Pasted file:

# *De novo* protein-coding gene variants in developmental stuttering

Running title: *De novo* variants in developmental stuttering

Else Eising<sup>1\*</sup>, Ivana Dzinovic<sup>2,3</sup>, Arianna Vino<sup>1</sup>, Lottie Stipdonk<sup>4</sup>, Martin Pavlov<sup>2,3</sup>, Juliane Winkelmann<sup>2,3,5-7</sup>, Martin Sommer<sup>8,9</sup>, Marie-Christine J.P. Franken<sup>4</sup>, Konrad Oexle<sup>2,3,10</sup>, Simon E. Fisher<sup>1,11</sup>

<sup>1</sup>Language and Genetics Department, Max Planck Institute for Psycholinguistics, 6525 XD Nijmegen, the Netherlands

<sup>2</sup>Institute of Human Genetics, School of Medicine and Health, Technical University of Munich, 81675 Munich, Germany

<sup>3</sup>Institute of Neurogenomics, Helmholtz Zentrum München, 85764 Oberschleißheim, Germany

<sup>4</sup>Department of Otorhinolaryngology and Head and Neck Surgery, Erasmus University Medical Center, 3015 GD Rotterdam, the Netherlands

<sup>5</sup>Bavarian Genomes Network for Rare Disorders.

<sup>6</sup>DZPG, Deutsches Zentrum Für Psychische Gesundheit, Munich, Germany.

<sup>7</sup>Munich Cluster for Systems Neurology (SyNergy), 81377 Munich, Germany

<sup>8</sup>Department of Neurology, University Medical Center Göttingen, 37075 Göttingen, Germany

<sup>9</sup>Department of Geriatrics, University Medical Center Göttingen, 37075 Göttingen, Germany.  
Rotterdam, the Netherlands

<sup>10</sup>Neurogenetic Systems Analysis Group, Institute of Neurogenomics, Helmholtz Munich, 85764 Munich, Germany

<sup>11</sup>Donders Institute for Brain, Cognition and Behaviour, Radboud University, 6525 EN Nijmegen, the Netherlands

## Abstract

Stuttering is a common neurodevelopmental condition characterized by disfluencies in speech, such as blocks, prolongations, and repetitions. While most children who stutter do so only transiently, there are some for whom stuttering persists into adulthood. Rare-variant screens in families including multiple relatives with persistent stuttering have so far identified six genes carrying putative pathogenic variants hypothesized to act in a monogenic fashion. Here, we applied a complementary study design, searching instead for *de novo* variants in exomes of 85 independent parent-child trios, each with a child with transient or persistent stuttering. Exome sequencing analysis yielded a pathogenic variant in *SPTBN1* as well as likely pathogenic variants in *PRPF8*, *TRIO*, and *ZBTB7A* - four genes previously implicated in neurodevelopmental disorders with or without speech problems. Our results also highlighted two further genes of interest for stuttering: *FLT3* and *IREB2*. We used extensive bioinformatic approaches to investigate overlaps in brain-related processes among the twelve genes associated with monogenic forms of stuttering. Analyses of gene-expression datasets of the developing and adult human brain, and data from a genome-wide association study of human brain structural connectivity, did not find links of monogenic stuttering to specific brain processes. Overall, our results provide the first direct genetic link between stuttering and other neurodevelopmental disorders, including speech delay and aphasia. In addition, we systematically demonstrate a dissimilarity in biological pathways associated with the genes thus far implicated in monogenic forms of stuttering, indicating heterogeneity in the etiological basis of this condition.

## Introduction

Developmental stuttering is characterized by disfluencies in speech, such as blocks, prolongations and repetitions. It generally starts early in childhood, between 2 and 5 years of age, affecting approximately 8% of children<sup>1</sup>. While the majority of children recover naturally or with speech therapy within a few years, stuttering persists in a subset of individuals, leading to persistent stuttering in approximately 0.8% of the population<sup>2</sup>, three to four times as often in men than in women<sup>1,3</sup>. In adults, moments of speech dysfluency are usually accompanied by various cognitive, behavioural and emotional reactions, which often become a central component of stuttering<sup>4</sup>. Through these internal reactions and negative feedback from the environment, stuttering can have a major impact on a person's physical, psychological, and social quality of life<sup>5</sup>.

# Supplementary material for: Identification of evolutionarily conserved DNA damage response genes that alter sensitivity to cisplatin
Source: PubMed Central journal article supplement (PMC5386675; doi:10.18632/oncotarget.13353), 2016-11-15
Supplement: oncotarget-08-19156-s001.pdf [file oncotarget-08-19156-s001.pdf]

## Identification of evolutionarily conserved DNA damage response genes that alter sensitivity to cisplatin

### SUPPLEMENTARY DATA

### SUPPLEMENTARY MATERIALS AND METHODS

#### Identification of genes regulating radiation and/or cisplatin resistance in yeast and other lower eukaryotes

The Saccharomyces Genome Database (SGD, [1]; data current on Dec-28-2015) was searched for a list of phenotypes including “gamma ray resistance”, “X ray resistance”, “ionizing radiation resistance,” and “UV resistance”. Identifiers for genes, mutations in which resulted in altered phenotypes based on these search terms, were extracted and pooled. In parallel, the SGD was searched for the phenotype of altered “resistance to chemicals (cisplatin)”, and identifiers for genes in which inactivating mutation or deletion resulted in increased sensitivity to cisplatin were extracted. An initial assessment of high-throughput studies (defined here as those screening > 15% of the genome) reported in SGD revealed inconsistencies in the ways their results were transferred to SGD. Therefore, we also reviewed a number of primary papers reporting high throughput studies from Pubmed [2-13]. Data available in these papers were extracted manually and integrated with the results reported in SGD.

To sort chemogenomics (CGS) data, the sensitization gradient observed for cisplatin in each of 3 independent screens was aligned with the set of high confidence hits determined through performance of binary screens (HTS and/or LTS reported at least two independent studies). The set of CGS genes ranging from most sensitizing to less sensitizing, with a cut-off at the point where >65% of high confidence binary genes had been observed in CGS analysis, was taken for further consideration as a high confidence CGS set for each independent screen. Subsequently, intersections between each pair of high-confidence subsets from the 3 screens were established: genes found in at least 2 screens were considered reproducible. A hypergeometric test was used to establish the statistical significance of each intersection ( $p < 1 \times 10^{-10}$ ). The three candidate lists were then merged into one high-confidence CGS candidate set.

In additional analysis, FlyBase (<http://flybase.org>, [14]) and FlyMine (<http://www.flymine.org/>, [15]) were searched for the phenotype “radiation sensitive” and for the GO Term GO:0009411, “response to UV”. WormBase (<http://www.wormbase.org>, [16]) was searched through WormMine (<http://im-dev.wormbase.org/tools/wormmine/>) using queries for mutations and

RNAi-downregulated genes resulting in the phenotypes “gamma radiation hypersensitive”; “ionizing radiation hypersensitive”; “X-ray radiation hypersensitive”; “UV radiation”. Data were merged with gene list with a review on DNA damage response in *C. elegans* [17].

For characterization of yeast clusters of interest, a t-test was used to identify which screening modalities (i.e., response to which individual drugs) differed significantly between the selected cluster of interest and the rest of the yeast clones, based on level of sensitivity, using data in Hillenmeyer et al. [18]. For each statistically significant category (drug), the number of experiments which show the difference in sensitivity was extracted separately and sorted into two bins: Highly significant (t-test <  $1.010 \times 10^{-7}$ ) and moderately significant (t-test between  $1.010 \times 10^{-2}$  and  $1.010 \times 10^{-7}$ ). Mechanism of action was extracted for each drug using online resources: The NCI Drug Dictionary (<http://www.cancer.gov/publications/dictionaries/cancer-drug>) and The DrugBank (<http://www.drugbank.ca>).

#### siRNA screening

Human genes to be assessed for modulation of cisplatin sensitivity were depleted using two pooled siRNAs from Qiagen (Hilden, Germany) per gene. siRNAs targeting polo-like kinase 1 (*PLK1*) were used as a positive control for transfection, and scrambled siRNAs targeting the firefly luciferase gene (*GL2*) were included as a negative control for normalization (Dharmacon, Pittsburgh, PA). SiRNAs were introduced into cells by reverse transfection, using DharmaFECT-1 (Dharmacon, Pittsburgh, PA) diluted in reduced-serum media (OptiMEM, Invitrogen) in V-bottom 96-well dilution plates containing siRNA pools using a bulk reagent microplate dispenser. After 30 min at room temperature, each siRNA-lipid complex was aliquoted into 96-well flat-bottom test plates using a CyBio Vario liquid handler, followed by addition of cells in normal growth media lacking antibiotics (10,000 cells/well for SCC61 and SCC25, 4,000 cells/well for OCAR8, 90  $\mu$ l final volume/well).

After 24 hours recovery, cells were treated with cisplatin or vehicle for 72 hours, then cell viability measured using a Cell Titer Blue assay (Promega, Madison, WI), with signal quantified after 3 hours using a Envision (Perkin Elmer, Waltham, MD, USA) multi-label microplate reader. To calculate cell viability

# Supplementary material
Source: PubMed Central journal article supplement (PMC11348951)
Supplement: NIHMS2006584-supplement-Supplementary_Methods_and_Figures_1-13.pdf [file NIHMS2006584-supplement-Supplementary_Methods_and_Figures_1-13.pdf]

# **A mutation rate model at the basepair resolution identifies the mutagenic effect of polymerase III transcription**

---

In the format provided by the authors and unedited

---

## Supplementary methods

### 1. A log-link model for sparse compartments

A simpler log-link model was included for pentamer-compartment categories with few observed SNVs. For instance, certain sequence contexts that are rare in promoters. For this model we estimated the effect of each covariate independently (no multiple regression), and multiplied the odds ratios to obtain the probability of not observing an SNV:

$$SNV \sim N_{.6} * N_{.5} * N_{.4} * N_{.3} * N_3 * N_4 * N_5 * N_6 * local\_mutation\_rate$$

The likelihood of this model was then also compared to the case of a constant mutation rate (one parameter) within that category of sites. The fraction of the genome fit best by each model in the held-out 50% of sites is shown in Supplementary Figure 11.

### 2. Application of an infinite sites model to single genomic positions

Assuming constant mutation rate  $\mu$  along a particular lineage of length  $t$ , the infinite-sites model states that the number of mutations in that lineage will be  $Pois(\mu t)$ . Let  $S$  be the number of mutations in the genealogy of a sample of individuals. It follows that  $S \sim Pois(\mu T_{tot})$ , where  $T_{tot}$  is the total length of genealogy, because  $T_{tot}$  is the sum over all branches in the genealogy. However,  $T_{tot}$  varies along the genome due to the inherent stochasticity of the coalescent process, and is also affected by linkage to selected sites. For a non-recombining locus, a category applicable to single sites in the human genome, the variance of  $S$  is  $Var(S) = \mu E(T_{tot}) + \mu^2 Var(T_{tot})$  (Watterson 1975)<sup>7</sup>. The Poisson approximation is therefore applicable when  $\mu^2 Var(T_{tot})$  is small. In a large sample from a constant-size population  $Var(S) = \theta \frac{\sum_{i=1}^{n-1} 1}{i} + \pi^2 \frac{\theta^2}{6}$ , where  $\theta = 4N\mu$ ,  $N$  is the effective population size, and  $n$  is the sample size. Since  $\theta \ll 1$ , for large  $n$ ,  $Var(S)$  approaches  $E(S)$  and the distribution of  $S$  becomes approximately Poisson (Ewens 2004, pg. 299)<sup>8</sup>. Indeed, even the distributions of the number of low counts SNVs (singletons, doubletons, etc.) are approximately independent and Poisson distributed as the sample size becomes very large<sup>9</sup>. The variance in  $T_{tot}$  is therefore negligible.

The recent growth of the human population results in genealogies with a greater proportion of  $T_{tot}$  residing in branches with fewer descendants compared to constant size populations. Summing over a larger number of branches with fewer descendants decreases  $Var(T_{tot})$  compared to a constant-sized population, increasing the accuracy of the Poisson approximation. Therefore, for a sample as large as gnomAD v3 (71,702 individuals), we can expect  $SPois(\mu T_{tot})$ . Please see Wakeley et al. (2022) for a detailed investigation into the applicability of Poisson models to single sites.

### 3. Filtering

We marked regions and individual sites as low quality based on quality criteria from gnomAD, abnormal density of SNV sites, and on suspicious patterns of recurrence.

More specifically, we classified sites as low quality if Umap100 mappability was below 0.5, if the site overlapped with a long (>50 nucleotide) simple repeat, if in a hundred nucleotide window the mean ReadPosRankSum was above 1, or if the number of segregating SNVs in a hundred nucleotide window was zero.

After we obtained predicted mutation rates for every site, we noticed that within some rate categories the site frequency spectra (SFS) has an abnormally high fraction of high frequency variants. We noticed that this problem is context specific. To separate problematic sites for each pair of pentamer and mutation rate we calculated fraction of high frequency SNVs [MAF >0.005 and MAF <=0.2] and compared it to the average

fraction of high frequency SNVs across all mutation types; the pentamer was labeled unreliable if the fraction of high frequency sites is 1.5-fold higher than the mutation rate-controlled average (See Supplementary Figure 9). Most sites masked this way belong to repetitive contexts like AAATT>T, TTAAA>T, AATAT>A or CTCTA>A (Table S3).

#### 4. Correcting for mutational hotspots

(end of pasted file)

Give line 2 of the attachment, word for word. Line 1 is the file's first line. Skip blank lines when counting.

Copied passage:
Running title: *De novo* variants in developmental stuttering